My first thought went to my babies – this means that they each have a 50/50 chance of also having it; what a horrible feeling to know that I did this to them. Even though I had no clue I had it, I feel so guilty. At least they’ll grow up knowing and being vigilant about it so they can remain healthy and hopefully they’ll never ever get this. My poor babies. They don’t even have a clue how serious what I have is, but I guess it’s better that way. I’ll make it though this hurdle, too.
When I saw the surgeon next she highly recommended I have a bilateral mastectomy and oopherectomy to reduce my risk or recurrence or of getting a new cancer.
Here are some facts about cancer and BRCA2 gene mutations:
For most people who get cancer, the mutations in the genes happen at random and do not run in families. This is referred to as sporadic cancer. However, in some families, mutations that increase the risk for cancer can be passed down from one generation to the next. These types of cancers are referred to as hereditary cancers. Approximately 5% to 10% of breast and ovarian cancers are associated with inherited mutations in cancer susceptibility genes.
BRCA2 mutations lead to markedly increased lifetime risks for breast and ovarian cancer. Although the exact level of risk can vary among and within families, the current estimates of cancer risk for individuals who are positive for mutations in BRCA2 are:
- Risk of breast cancer (in women) up to 34% by age 50, up to 85% by age 80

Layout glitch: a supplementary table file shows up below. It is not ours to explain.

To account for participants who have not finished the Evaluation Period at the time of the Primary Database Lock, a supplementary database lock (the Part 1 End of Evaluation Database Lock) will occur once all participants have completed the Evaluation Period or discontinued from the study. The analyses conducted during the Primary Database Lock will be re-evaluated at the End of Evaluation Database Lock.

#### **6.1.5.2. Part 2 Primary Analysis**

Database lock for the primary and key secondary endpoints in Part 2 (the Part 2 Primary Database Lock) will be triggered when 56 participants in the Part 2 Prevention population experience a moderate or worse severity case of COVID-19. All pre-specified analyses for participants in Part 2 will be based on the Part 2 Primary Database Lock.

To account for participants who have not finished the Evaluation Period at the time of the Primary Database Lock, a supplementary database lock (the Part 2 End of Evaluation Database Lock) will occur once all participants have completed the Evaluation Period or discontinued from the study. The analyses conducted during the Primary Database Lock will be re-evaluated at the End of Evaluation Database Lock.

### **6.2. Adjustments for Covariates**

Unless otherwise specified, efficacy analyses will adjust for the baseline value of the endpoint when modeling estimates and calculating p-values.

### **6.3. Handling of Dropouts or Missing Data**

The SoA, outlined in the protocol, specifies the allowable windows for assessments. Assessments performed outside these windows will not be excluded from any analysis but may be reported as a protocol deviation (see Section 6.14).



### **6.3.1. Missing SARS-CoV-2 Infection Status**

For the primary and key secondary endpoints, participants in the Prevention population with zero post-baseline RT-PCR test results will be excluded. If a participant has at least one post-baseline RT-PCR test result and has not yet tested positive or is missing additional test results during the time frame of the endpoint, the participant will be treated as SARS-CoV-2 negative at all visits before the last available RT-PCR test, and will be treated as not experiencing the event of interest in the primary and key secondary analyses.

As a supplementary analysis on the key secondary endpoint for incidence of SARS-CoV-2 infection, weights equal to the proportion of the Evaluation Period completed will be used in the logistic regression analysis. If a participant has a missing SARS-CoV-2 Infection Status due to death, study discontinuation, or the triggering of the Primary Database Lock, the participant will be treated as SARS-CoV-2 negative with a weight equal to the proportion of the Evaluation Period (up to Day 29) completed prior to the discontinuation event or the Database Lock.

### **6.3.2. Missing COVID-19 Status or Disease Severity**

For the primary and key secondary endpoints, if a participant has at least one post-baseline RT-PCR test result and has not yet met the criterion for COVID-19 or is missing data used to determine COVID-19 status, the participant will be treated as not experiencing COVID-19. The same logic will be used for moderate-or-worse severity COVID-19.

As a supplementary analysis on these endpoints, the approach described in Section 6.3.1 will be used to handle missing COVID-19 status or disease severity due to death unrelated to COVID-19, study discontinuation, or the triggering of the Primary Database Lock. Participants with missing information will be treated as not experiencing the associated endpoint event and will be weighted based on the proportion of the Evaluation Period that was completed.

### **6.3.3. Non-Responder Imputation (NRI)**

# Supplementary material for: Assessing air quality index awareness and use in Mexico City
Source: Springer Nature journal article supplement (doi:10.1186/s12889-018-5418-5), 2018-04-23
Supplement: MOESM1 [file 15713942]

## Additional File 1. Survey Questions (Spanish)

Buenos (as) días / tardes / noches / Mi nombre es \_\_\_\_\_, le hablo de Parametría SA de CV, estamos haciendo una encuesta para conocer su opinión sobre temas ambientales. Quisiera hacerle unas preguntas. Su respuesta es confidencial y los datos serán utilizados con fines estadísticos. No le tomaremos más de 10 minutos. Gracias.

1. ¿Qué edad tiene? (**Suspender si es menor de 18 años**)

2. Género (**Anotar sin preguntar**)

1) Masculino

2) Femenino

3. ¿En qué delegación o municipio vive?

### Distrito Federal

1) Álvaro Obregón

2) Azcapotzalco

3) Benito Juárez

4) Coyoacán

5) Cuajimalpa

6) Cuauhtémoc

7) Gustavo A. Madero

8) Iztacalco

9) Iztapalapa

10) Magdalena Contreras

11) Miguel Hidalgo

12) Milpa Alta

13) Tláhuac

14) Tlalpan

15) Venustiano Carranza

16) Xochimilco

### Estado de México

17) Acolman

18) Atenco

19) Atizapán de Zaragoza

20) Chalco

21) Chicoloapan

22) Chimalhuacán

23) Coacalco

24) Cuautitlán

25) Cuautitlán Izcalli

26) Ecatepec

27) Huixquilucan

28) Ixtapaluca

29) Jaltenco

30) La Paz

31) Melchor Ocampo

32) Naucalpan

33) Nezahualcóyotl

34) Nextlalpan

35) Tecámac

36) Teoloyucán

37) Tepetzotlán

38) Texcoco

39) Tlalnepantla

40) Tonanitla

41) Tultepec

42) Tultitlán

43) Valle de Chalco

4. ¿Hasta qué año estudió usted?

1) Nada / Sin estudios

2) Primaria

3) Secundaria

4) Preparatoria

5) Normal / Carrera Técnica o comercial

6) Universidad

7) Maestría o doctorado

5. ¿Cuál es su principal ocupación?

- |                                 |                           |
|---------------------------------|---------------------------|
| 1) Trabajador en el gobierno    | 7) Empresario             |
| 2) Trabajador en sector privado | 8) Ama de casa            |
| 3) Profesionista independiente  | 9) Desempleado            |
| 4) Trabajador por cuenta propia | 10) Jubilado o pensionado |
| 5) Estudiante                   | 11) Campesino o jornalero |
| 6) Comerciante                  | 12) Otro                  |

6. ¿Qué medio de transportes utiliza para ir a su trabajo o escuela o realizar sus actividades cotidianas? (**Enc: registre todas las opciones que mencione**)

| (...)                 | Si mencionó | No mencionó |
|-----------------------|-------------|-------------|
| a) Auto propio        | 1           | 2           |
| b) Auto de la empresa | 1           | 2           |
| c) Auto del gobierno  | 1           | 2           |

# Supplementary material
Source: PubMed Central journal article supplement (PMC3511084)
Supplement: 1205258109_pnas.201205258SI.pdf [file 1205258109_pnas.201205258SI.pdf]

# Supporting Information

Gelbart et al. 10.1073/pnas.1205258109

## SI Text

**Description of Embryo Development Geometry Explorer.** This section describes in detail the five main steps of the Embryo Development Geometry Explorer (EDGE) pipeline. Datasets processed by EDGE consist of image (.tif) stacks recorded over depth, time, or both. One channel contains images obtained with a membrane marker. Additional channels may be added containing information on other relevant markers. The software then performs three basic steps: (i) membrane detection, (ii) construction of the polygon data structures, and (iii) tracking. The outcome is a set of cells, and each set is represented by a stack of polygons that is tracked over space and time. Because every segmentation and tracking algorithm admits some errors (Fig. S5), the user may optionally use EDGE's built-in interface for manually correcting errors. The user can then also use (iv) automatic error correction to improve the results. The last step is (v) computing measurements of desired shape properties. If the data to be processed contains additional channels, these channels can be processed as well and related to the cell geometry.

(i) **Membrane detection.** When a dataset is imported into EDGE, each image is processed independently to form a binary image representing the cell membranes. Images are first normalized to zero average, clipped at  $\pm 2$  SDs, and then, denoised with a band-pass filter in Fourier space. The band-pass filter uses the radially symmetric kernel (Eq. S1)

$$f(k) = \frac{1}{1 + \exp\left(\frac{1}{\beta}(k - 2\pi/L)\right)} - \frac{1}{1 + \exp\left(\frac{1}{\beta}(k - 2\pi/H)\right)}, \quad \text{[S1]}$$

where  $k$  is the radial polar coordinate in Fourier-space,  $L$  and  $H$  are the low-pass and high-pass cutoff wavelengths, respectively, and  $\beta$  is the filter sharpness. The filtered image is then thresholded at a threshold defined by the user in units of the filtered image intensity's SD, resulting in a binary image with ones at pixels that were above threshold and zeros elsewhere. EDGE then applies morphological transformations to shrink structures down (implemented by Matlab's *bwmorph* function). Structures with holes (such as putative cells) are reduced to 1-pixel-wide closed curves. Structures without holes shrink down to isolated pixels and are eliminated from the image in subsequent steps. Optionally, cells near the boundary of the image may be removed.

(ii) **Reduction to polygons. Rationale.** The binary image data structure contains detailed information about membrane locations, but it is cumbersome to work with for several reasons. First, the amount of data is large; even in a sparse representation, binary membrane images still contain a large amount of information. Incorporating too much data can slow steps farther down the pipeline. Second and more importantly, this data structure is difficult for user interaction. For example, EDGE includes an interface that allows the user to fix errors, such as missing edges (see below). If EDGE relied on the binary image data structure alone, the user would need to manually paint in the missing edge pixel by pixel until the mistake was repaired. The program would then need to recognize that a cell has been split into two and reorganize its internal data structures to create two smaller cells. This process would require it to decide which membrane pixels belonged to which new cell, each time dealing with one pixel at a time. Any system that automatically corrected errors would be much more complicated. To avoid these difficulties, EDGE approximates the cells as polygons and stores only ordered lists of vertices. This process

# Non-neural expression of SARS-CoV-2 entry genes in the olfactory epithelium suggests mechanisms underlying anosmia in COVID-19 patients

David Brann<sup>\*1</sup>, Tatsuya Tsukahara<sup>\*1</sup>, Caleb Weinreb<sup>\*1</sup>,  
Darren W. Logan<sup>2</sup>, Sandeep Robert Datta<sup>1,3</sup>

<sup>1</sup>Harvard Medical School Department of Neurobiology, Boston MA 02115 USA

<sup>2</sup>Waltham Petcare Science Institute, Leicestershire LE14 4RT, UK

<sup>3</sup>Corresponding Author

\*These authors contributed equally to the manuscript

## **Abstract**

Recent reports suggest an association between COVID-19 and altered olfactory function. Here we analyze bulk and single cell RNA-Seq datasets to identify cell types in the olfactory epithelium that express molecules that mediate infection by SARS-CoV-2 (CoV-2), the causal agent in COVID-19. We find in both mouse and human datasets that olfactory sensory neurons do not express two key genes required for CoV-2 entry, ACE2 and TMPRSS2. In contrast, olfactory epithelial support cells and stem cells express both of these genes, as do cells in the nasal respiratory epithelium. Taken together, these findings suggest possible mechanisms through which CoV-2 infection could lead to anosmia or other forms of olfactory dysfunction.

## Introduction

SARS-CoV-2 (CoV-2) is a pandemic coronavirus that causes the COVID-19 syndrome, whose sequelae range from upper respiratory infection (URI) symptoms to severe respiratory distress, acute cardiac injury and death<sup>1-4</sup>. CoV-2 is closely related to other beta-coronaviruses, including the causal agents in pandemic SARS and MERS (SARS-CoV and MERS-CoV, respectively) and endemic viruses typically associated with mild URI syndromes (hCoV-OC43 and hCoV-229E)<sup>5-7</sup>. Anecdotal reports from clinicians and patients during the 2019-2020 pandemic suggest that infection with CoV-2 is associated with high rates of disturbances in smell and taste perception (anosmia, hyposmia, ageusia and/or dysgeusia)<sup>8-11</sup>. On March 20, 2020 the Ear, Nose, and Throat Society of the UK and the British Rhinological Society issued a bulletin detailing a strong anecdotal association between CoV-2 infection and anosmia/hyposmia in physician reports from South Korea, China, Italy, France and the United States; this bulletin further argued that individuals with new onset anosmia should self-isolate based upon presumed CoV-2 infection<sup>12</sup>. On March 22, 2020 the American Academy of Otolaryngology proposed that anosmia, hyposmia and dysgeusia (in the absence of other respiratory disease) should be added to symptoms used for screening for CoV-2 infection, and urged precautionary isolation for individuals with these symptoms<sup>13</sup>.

- Risk of breast cancer (in men) up to 7% by age 80
- Risk of second breast cancer in women up to 50% by age 70, up to 12% risk of primary breast cancer within 5 years of the first
- Risk of ovarian cancer up to 2% by age 50, up to 27% by age 80
- Risk of other cancers (prostate, melanoma, pancreatic) may also be increased above the general population
BRCA mutation carriers have the following management options available:
- Healthy lifestyle – a high fiber, low fat diet and regular exercise, alcohol only in moderation, no tobacco products. It’s not yet known to what effect, if any, lifestyle factors may have on hereditary breast and ovarian cancer susceptibility. However, they may benefit many aspects of a person’s overall health.
- Surveillance & screening – for breast cancer in women, mammograms, clinical breast exams and self-breast exams on a regular basis.
- For ovarian cancer – pelvic exams every 6 to 12 months, as well as transvaginal ultrasound, and annual CA-125 blood test. Currently, there is no evidence to prove that these tests are effective in reducing ovarian cancer mortality.
- For pancreatic cancer – reports indicate increased risk in families with BRCA2 mutations; however, there currently are no proven screening methods for pancreatic cancer.
- Risk reducing surgery (for breast cancer) – prophylactic mastectomy. Studies of the effect of risk reducing mastectomy in women with BRCA1 & 2 mutations report that the surgery decreases the risk of breast cancer by 90%.
- Risk reducing surgery (for ovarian cancer) – prophylactic salpingo-oopherectomy (removal of the ovaries and fallopian tubes). Studies of women with BRCA 1 & 2 mutations who underwent this procedure report a risk reduction in the range of 95% or more. This procedure performed on women before menopause would also reduce the risk of breast cancer.
- Chemoprevention (for breast cancer) – several chemotherapeutic agents such as Tamoxifen and Raloxifen may have a role in reducing risk of breast cancer in high-risk families.
- Chemoprevention (for ovarian cancer) – birth control pills reduce the risk in the general population. One study reports that this effect may also apply to carriers of BRCA 1 & 2 mutations, in whom the risk may be reduced by as much as 50%.